Despite the fact that they remained silent for the better part of two decades, Swedish punk rock forefathers Refused remained an ever- present, and let’s face it, unachievable standard for the next wave of bands to compare themselves to.

In 2012, the band broke their extensive hiatus, announcing a run of headline shows the world over. Needless to say, even the most fair weathered of fan well and truly considered selling their own kidneys just to be guaranteed tickets. If that wasn’t enough of a frenzy, you should have been there when they announced the follow up to 1998’s The Shape Of Punk To Come, which would be 2015’s Freedom.

That’s a long gap between drinks. But it feels as though the band are now making up for lost time. At the start of next year, they’ll be heading back Down Under for yet another headline run. We spoke to vocalist Dennis Lyxzén, who was currently at his home in Sweden. A country I’d only just visited and stayed in Malmö…

Of course, Dennis responded the way all Swedes respond to that…


Dennis: Oh…What were you doing in Malmö?
The Neversphere: Viking family! My brother followed a Swedish girl there and never came back.
Dennis: Amazing, that’s great. Malmö’s a cool city.
The Neversphere: Stockholm too. I like to think I’m fairly trendy for Sydney at least, but when I go out in Stockholm I can’t help but feel like the most underdressed person in the city…
Dennis: [Laughs] It’s very self conscious there. That’s why I don’t live there; I can’t hang with that. People are extremely cool in Stockholm. Every girl I know from Stockholm is a DJ, you know?
The Neversphere: Speaking of cool cities, you’ll be in some of ours very soon. Must be a buzz to be hitting the Australian summer?
Dennis: Yes! It’s well needed; it’s so dark and depressing here now. I’m really looking forward to it.
The Neversphere: The last time was a smashing success. It’s easier to monitor this stuff these days, but what are you expecting this time round from the crowd?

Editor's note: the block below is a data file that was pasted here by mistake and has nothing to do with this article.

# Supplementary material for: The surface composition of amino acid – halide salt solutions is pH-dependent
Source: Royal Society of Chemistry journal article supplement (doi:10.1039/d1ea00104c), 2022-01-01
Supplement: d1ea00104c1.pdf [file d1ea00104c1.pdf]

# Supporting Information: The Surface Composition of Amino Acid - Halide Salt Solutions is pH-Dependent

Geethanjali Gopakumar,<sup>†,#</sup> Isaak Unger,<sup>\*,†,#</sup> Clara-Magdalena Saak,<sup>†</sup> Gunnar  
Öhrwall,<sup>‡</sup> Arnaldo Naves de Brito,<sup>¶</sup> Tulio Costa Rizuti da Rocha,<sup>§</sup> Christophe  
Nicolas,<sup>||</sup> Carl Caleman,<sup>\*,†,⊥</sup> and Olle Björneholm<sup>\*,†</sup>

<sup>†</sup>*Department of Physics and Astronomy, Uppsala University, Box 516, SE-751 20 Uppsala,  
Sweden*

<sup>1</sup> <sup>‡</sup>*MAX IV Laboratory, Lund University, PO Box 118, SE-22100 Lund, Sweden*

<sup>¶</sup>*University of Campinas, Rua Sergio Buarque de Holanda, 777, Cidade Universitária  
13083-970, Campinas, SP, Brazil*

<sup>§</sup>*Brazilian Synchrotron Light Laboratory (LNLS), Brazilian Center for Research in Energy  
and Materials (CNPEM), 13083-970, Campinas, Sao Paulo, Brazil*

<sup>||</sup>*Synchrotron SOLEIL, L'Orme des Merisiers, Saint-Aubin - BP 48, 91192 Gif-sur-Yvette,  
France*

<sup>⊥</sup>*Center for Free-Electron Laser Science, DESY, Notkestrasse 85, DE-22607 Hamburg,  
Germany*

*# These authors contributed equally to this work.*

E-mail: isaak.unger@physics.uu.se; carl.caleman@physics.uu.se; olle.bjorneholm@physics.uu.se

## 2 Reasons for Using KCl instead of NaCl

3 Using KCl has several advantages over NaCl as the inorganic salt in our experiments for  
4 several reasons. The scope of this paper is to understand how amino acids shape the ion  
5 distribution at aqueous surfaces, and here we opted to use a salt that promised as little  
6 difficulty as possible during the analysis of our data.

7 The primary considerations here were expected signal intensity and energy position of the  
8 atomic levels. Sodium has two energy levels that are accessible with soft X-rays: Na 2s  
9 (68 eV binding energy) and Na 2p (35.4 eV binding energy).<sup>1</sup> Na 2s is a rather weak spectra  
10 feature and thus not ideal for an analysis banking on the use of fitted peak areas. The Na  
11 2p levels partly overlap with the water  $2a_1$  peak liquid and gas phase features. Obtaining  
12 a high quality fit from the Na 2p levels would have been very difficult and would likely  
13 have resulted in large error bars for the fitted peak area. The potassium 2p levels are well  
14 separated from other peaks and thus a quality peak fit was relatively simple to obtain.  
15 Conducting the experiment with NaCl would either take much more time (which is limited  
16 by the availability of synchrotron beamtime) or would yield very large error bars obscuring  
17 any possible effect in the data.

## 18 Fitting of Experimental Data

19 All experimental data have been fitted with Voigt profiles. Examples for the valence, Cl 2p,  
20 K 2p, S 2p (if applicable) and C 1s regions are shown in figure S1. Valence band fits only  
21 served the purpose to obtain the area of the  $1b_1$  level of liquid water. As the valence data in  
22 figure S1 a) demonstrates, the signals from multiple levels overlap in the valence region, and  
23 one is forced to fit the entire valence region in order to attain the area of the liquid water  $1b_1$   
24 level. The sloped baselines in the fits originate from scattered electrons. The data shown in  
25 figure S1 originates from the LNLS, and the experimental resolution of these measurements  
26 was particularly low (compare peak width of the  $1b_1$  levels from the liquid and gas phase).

Dennis: I think last time in 2012 it was so special, the whole reunion kind of thing. There were a lot of people who never expected to see us live who came out. It was definitely different now. We have a new record, we’re more of a contemporary band…The rules of a victory lap don’t really apply anymore.

With High Tension and Sick Of It All coming out, I expect it to be fucking fantastic. But there’s something to be said about that first time back together, it was very, very special, the whole vibe of everything.

I’m not worried; it’s going to be great. This whole year and a half we’ve been touring Freedom has been great! I play music for a living…I travel the world and people pay money to see me prance around in tight pants. I have nothing to complain about. Well, I have a shit tonne of stuff to complain about but not as far as life choices.
The Neversphere: I was re-upping Freedom while I prepped for this interview and I couldn’t help but notice that it seems to be only tracks from Freedom in your top played songs. It’d be interesting to know the crowds you’ve been seeing, are they old fans or new mainly?
Dennis: The cool thing is that it’s a very diverse crowd. There’s a bunch of old Hardcore kids, there’s some young Punk kids, there’s the old guy in a denim jacket in the back who just loves rock n roll; it’s a very mixed crowd and not just with age. We aren’t a scene band. Like with Sick Of It All – I love those guys but they’ve very scene. If you like Sick Of It All, you love hardcore. That’s just what it is.

But with Refused as a band, with The Shape Of Punk To Come we transcended that and just became this anomaly of a weird-ass rock band. The crowd that came out of it is very mixed, it’s quiet exciting because that’s the way I wanted it to be – all types of people. Not just the Scensters or scene people.
The Neversphere: Now that Freedom has had time to find the footing, how do you think it all went down?